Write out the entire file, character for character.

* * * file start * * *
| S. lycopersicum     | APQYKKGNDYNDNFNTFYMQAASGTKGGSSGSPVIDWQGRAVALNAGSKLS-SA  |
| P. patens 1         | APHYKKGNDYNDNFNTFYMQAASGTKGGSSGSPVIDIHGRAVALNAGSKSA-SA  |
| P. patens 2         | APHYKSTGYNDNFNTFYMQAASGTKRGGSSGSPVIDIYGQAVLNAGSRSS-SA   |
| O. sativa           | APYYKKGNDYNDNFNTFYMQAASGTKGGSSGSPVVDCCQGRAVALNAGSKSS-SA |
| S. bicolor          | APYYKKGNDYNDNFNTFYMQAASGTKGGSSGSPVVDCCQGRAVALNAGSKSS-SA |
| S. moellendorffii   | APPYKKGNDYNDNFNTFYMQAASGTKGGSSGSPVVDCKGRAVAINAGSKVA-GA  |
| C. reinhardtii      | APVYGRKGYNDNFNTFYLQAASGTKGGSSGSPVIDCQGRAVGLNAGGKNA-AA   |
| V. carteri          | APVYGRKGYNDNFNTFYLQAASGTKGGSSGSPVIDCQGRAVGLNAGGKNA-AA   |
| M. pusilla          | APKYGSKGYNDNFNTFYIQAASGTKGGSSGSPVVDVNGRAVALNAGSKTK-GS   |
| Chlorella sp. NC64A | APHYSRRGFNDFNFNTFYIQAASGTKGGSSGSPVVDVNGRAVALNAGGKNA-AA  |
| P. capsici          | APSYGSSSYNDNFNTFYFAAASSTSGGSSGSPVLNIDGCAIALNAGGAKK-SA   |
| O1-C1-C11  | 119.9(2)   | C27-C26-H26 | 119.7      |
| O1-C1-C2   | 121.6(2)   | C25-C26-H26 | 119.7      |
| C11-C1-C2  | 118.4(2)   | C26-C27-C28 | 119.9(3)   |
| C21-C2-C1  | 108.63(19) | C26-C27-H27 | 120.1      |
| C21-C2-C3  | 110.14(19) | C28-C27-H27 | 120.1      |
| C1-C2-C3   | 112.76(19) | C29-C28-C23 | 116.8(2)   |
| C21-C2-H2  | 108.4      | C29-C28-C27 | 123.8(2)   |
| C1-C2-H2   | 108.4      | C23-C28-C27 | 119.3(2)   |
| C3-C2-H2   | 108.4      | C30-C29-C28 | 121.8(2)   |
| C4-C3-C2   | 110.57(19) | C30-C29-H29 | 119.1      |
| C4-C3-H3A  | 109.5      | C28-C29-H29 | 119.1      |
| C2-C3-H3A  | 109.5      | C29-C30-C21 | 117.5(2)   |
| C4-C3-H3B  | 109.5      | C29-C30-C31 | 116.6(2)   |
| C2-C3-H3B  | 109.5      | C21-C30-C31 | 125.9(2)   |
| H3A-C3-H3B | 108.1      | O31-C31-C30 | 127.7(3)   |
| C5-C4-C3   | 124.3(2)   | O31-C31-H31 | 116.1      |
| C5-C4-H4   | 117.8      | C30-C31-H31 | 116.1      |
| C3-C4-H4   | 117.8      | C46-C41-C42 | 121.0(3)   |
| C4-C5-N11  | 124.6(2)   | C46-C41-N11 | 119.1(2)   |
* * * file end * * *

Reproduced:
| S. lycopersicum     | APQYKKGNDYNDNFNTFYMQAASGTKGGSSGSPVIDWQGRAVALNAGSKLS-SA  |
| P. patens 1         | APHYKKGNDYNDNFNTFYMQAASGTKGGSSGSPVIDIHGRAVALNAGSKSA-SA  |
| P. patens 2         | APHYKSTGYNDNFNTFYMQAASGTKRGGSSGSPVIDIYGQAVLNAGSRSS-SA   |
| O. sativa           | APYYKKGNDYNDNFNTFYMQAASGTKGGSSGSPVVDCCQGRAVALNAGSKSS-SA |
| S. bicolor          | APYYKKGNDYNDNFNTFYMQAASGTKGGSSGSPVVDCCQGRAVALNAGSKSS-SA |
| S. moellendorffii   | APPYKKGNDYNDNFNTFYMQAASGTKGGSSGSPVVDCKGRAVAINAGSKVA-GA  |
| C. reinhardtii      | APVYGRKGYNDNFNTFYLQAASGTKGGSSGSPVIDCQGRAVGLNAGGKNA-AA   |
| V. carteri          | APVYGRKGYNDNFNTFYLQAASGTKGGSSGSPVIDCQGRAVGLNAGGKNA-AA   |
| M. pusilla          | APKYGSKGYNDNFNTFYIQAASGTKGGSSGSPVVDVNGRAVALNAGSKTK-GS   |
| Chlorella sp. NC64A | APHYSRRGFNDFNFNTFYIQAASGTKGGSSGSPVVDVNGRAVALNAGGKNA-AA  |
| P. capsici          | APSYGSSSYNDNFNTFYFAAASSTSGGSSGSPVLNIDGCAIALNAGGAKK-SA   |
| O1-C1-C11  | 119.9(2)   | C27-C26-H26 | 119.7      |
| O1-C1-C2   | 121.6(2)   | C25-C26-H26 | 119.7      |
| C11-C1-C2  | 118.4(2)   | C26-C27-C28 | 119.9(3)   |
| C21-C2-C1  | 108.63(19) | C26-C27-H27 | 120.1      |
| C21-C2-C3  | 110.14(19) | C28-C27-H27 | 120.1      |
| C1-C2-C3   | 112.76(19) | C29-C28-C23 | 116.8(2)   |
| C21-C2-H2  | 108.4      | C29-C28-C27 | 123.8(2)   |
| C1-C2-H2   | 108.4      | C23-C28-C27 | 119.3(2)   |
| C3-C2-H2   | 108.4      | C30-C29-C28 | 121.8(2)   |
| C4-C3-C2   | 110.57(19) | C30-C29-H29 | 119.1      |
| C4-C3-H3A  | 109.5      | C28-C29-H29 | 119.1      |
| C2-C3-H3A  | 109.5      | C29-C30-C21 | 117.5(2)   |
| C4-C3-H3B  | 109.5      | C29-C30-C31 | 116.6(2)   |
| C2-C3-H3B  | 109.5      | C21-C30-C31 | 125.9(2)   |
| H3A-C3-H3B | 108.1      | O31-C31-C30 | 127.7(3)   |
| C5-C4-C3   | 124.3(2)   | O31-C31-H31 | 116.1      |
| C5-C4-H4   | 117.8      | C30-C31-H31 | 116.1      |
| C3-C4-H4   | 117.8      | C46-C41-C42 | 121.0(3)   |
| C4-C5-N11  | 124.6(2)   | C46-C41-N11 | 119.1(2)   |